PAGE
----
Forget Mickey Mouse: This Once-Overlooked Asset Is What Makes Disney Great

Mickey Mouse as a brand means less to the company for this once-overlooked reason.

Aug 2, 2014 at 10:05AM

There are very few companies with the illustrious history of The Walt Disney Company (NYSE:DIS). Started by Walt Disney, much of this empire was built upon the iconic animated character of Mickey Mouse -- so much so that Disney is commonly referred to as "The House of Mouse." And while many of us fondly remember that legendary jingle, "M-I-C ... K-E-Y ... M-O-U-S-E," a more apt theme song for The Walt Disney Company this century can be found blaring on ESPN almost hourly: DA DA DA ... DA DA DA.

Big growth from a small mammal
Walt Disney --  then the Disney Brothers Studio -- originated in late 1923 when its namesake signed a contract to produce a series of comedies with M.J Winkler of Felix the Cat fame. The company's breakthrough cartoon, Steamboat Willie, was Mickey's -- and Minnie's -- first appearance, gracing screens in 1928.


Don't be sad Mickey and Co., it was a really good run. Source: Wikimedia Commons

The cartoon and character ended up being a tremendous success. Yes, there were ups and downs, but the next few decades were a time of tremendous growth in the history of the company. Walt Disney famously quipped on the Emmy-Award Winning Disneyland TV show: "I only hope that we never lose sight of one thing -- that it all started with a Mouse."

Even so, it is hard building a $150 billion company on the back of a creature the size of a shoe -- even if he has a snazzy jumpsuit on.

In defense of Michael Eisner – well, sort of
Michael Eisner, the CEO from 1984 to 2005, has a dubious distinction among Disney shareholders. Blamed for the corporatization of the brand, and for producing lackluster results, he was forced out of the company rather unceremoniously by a shareholder vote that stripped him of the board chairmanship. He stepped down as CEO soon thereafter.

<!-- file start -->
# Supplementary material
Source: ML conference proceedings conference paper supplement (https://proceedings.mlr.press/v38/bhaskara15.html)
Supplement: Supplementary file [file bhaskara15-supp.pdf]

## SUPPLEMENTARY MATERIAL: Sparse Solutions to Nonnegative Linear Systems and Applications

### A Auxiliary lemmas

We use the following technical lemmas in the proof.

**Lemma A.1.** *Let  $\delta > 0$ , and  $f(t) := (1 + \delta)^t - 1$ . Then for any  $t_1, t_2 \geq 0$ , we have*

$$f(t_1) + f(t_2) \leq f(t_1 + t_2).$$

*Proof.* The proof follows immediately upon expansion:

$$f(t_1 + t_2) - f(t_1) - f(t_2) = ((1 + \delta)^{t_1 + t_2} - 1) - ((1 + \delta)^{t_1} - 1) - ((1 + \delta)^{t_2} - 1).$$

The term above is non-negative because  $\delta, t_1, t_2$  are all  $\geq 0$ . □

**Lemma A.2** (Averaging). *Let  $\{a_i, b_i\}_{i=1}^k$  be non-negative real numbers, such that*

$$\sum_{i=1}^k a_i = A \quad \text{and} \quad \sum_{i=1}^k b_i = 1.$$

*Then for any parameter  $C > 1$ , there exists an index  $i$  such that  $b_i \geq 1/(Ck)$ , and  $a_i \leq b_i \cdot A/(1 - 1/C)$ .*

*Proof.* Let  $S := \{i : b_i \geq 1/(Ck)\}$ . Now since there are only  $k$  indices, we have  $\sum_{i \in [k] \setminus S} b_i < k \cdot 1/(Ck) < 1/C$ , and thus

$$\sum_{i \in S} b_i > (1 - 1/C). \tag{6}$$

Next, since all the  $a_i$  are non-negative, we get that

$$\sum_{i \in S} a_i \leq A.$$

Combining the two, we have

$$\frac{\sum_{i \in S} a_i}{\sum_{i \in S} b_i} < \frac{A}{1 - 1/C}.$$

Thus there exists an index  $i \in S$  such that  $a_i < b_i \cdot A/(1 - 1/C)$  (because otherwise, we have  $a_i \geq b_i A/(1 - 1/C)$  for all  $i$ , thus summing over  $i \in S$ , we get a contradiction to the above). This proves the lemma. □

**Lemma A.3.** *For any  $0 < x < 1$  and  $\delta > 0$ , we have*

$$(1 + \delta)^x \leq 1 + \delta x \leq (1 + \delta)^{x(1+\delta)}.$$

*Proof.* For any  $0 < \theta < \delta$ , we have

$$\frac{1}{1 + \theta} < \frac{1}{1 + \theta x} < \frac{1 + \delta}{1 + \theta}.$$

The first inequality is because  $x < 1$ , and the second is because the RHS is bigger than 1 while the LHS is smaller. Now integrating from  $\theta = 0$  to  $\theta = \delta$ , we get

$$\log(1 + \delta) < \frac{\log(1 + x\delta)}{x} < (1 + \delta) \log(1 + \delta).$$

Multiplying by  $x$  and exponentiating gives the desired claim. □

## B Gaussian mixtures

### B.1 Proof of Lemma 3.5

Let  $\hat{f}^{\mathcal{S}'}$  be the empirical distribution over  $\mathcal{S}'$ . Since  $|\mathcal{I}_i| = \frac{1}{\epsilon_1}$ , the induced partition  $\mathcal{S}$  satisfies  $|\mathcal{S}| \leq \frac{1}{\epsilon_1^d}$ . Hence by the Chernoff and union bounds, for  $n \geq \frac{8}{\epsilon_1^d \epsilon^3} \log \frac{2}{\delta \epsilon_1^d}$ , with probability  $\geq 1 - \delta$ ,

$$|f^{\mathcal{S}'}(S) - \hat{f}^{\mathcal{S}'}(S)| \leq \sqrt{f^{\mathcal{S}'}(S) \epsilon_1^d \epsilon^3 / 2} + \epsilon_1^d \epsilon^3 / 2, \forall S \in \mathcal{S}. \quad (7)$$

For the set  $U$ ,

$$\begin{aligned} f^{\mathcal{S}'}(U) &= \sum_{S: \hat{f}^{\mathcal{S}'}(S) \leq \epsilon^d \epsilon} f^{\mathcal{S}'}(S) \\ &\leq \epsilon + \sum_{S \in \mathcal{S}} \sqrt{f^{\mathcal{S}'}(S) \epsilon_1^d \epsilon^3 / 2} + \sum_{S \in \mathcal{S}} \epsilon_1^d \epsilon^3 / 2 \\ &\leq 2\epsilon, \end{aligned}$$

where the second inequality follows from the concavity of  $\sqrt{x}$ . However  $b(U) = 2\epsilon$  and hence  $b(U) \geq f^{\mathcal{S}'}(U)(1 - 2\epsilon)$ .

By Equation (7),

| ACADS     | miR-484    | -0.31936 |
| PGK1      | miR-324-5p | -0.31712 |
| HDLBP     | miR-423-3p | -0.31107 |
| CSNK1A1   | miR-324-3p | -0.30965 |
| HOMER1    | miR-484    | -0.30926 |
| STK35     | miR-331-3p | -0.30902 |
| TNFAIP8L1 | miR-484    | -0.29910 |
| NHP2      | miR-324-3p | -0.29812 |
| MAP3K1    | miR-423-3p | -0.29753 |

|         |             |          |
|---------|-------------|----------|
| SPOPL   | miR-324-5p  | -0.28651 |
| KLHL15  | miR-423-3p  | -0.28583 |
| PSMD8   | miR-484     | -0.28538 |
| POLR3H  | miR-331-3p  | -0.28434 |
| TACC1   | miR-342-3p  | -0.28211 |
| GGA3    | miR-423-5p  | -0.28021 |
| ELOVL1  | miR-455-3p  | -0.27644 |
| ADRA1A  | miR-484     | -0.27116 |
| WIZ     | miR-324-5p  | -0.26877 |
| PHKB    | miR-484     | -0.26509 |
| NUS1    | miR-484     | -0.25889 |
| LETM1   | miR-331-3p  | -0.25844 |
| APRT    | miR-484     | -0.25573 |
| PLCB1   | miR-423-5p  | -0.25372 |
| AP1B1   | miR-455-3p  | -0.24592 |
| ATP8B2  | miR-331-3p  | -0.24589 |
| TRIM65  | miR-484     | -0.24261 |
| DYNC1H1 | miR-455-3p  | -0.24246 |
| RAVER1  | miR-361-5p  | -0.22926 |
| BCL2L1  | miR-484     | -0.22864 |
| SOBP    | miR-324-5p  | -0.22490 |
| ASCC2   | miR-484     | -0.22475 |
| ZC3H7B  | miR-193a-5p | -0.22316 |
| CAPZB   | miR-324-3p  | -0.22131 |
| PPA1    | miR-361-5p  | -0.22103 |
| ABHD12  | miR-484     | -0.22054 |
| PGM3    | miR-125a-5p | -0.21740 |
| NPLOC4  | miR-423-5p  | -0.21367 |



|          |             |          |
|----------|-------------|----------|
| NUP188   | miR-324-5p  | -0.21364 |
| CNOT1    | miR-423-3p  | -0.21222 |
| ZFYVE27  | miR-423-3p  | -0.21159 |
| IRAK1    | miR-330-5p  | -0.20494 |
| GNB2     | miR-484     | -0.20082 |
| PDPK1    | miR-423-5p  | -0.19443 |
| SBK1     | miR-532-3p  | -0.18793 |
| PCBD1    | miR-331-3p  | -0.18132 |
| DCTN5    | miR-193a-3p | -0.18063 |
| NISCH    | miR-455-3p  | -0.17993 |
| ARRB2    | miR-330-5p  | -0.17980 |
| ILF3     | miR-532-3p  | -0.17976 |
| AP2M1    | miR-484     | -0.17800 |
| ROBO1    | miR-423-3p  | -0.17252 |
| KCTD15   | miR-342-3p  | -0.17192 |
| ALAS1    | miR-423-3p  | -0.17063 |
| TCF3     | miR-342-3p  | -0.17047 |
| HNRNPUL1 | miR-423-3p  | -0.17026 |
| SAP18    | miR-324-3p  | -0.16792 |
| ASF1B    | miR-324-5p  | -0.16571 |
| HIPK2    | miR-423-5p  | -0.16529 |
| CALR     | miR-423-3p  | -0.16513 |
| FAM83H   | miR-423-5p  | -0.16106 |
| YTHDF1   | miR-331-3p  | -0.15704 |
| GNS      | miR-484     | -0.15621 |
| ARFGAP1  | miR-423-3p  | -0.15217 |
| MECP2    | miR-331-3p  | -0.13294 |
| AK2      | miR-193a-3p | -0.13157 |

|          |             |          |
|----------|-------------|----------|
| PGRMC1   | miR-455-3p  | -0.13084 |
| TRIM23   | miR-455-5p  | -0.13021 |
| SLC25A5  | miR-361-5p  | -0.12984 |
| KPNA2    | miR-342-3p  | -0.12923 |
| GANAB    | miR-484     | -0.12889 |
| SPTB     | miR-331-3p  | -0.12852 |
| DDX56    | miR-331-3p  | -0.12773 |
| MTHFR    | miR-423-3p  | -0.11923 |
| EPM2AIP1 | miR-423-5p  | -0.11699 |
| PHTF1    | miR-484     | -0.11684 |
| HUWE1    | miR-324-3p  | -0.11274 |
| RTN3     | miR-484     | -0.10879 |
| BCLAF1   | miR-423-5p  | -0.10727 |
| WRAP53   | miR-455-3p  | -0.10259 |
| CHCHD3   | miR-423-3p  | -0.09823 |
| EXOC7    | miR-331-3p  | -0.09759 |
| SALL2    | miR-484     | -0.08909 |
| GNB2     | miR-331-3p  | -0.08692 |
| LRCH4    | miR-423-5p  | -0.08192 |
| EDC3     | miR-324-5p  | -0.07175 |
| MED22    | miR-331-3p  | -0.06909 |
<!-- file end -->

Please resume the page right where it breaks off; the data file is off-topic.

However, Eisner -- perhaps unwittingly -- provided the most value to the current Disney shareholders through its purchase of Capital Cities/ABC in 1995. That's because nearly a decade prior, ABC bought a little-known sports programming network you now know as ESPN.

However, Eisner can't be faulted for understating ESPN's potential -- even analysts missed it. Rarely mentioned in the acquisition write-ups for The New York Times, SFGate, and others, it appears ESPN was thought of as a minute part of the deal -- essentially a nice addition, but not a game-changer.

My, have times changed
You can't blame Eisner, the media, or analysts for failing to see the value in ESPN. America has been on an all-out craze for all things sports ever since that deal, making ESPN the king of cable networks. ESPN and ESPN2 command a shocking $5.13 and $0.68 of monthly affiliate fees -- the cable-provider revenue that's paid back to the content owner. For perspective, the average fee for basic channels is $0.26; ESPN commands nearly 20 times the average basic cable channel.

Also, the NPD group recently estimated the average cable bill at $90 a month. So, for the average person, nearly 6.5% of the cable bill is going directly to ESPN, with 80% of it making its way back to Disney. (Hearst still owns the remaining 20% of the company.)

Why the discrepancy between ESPN and other channels? Among the traditional metrics, viewership, hours viewed, etc., ESPN stands out. But it's more than that. ESPN is a strong deterrent against a powerful trend in cable -- so called "cord-cutting" -- in which many households are abandoning cable in favor of streaming and online services. Nobody has quite figured out how to combat it, outside of news and sports.


Wake up Berman, Disney shareholders need you for returns. Source: Wikimedia Commons